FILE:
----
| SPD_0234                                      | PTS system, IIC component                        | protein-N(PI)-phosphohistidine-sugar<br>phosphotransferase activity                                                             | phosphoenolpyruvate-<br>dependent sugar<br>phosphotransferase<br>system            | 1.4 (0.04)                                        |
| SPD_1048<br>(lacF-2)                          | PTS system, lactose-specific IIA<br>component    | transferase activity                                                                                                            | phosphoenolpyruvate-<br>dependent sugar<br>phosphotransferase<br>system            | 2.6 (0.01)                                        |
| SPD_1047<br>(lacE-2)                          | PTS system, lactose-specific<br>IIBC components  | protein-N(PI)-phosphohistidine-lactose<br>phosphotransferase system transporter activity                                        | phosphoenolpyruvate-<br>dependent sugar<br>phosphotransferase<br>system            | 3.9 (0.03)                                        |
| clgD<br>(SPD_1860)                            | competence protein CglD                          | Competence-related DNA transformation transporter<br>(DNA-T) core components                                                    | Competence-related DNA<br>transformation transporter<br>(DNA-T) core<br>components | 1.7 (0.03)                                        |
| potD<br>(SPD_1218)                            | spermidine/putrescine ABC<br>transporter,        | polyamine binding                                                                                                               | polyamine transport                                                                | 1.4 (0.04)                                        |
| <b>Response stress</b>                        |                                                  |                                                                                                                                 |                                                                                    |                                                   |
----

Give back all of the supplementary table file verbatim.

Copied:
| SPD_0234                                      | PTS system, IIC component                        | protein-N(PI)-phosphohistidine-sugar<br>phosphotransferase activity                                                             | phosphoenolpyruvate-<br>dependent sugar<br>phosphotransferase<br>system            | 1.4 (0.04)                                        |
| SPD_1048<br>(lacF-2)                          | PTS system, lactose-specific IIA<br>component    | transferase activity                                                                                                            | phosphoenolpyruvate-<br>dependent sugar<br>phosphotransferase<br>system            | 2.6 (0.01)                                        |
| SPD_1047<br>(lacE-2)                          | PTS system, lactose-specific<br>IIBC components  | protein-N(PI)-phosphohistidine-lactose<br>phosphotransferase system transporter activity                                        | phosphoenolpyruvate-<br>dependent sugar<br>phosphotransferase<br>system            | 3.9 (0.03)                                        |
| clgD<br>(SPD_1860)                            | competence protein CglD                          | Competence-related DNA transformation transporter<br>(DNA-T) core components                                                    | Competence-related DNA<br>transformation transporter<br>(DNA-T) core<br>components | 1.7 (0.03)                                        |
| potD<br>(SPD_1218)                            | spermidine/putrescine ABC<br>transporter,        | polyamine binding                                                                                                               | polyamine transport                                                                | 1.4 (0.04)                                        |
| <b>Response stress</b>                        |                                                  |                                                                                                                                 |                                                                                    |                                                   |